Military authorities in Sudan have arrested more suspects in the shooting deaths of protesters in the cities of el-Obeid on Monday and Omdurman on Thursday.
Four Sudanese paramilitary soldiers were arrested Friday in the deaths of six protesters in el-Obeid. On Thursday, the Transitional Military Council arrested seven members of the Rapid Support Forces in connection with that incident.
Another two suspects have been arrested for the killing of four demonstrators in Omdurman.
Despite the killings and the tensions, the TMC and civilian Forces for Freedom and Change Coalition resumed talks Thursday evening on forming a power-sharing government. The sides are trying to agree on a constitutional outline for a government that will lead Sudan for the next three years, until elections.
This week’s protests were sparked by demands for justice for all those killed and wounded in the protests of the past six months.
Alaa Abdulahadi, who joined a march Thursday in the Burri neighborhood east of Khartoum, said her cousin was killed during the June 3 military crackdown on protesters outside army headquarters in Khartoum.
“We have lost so many lives and the old regime destroyed our country. We have witnessed the deterioration of our economy and the abuse of human rights. … [O]ur lives doesn’t matter to them, as long as they are in charge,” Abdulahadi told South Sudan in Focus.
Sudanese rights activists say they want the upcoming transitional government to ensure that justice is also carried for survivors of sexual violence. A recent report issued by a military-appointed fact-finding committee into the abuse of protesters during the months-long sit-in in Khartoum concluded that no rapes were committed by security forces.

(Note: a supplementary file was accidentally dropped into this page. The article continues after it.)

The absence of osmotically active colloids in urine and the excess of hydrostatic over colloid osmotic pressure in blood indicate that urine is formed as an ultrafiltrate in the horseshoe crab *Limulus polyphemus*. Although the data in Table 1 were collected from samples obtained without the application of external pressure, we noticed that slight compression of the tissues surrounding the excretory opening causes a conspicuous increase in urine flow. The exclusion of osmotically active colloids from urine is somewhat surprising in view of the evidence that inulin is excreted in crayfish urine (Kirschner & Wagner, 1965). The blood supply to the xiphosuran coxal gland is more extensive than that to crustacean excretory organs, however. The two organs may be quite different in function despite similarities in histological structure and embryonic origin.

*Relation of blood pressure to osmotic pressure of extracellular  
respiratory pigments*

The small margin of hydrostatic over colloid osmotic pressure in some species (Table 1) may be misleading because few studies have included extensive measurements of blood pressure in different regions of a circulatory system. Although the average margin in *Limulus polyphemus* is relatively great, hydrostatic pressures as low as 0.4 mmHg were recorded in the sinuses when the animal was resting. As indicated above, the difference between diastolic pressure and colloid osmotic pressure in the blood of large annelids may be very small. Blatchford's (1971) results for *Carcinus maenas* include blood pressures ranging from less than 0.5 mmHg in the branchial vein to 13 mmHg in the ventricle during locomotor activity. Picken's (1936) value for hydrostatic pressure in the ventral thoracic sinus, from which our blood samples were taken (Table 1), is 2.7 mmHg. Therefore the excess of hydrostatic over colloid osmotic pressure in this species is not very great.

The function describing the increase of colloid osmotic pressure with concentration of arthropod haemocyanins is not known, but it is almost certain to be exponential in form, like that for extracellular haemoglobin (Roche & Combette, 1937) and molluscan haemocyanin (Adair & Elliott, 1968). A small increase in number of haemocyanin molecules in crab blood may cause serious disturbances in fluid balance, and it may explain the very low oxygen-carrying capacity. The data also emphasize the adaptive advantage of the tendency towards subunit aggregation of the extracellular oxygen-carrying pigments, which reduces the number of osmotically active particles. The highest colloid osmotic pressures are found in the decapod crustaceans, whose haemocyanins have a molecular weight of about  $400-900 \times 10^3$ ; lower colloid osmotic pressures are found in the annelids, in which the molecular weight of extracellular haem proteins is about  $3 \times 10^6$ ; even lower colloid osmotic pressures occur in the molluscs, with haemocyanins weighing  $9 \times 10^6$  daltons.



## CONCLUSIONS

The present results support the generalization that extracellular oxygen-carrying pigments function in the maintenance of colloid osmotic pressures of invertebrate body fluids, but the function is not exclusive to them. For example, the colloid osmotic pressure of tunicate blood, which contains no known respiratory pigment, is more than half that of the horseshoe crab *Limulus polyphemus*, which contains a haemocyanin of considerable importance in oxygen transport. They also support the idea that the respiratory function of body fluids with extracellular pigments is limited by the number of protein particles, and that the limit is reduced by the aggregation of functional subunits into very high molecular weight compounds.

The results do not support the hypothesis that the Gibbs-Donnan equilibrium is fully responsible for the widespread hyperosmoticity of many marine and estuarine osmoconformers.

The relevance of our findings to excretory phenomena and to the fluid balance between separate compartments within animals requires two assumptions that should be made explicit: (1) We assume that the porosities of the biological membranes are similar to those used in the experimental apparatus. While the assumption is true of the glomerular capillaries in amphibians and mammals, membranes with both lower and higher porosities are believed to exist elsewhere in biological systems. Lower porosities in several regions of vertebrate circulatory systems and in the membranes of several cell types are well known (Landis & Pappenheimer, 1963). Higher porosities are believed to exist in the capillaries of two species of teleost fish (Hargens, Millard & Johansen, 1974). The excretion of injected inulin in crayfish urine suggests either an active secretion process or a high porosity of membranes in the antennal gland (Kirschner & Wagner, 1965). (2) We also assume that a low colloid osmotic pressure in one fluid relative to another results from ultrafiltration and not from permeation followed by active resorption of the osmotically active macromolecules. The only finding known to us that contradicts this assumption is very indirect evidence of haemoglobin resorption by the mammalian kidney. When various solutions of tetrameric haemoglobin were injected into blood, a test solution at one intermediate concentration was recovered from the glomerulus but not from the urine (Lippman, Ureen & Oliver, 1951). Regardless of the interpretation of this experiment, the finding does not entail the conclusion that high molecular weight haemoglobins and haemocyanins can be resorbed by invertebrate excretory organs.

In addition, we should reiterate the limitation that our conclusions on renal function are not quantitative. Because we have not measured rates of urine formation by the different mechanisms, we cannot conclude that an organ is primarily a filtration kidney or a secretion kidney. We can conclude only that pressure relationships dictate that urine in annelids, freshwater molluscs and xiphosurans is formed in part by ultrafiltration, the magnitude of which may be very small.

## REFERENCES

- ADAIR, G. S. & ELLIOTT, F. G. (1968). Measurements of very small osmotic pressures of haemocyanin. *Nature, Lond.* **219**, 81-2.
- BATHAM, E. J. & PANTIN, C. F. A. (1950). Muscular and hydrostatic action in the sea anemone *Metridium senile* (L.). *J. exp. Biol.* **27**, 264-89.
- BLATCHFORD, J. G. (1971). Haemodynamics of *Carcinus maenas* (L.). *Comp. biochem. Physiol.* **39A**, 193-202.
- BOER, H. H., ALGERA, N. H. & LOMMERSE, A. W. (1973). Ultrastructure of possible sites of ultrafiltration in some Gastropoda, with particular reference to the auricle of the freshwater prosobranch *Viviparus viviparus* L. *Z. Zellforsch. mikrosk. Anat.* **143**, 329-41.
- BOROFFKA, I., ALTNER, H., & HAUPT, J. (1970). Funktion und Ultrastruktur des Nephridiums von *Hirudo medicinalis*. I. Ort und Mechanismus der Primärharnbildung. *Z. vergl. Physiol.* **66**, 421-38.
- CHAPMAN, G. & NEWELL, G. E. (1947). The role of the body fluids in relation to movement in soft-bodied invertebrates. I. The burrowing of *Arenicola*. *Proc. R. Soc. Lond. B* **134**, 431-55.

Nahid Jabrallah, head of the Seema Women Center in Khartoum, said women’s rights activists recorded dozens of rape cases between December and early June when security forces cracked down on protesters outside the military headquarters in Khartoum.
Jabrallah said her center provided rape victims with health services and counseling and she believes that many women who suffered sexual violence will speak up in the days ahead.
“As civil society, there is evidence and many victims got to the service points of different actors and we will continue doing that for both the support of survivors and victims and for the preparation of the investigation,” Jabrallah told VOA’s South Sudan in Focus.
Jabrallah said cultural norms in Sudan often prevent survivors from seeking support because of the social stigma attached to rape, but some survivors bucked tradition and spoke up.
“There are eyewitnesses and there are victims who came out and spoke [with] very high courage,” she said. “So, the main lesson we learned from this experience [is] that sexual abuse as a weapon failed to break the courage and the power of the people on the streets and that all people were encouraged more by what happened to continue struggling for the real change in Sudan.”
Women’s rights activist Naimat Abubakar said the transitional government should form a justice mechanism that ensures justice for victims of Sudan’s revolution.
“The way that people have been killed, women have [been] harassed, reports about rape, so this is the main task for the transitional government. I think, bringing justice for the victims of the sit-in; this is the first thing, and then, prepare the country for the elections,” Abubaker told South Sudan in Focus.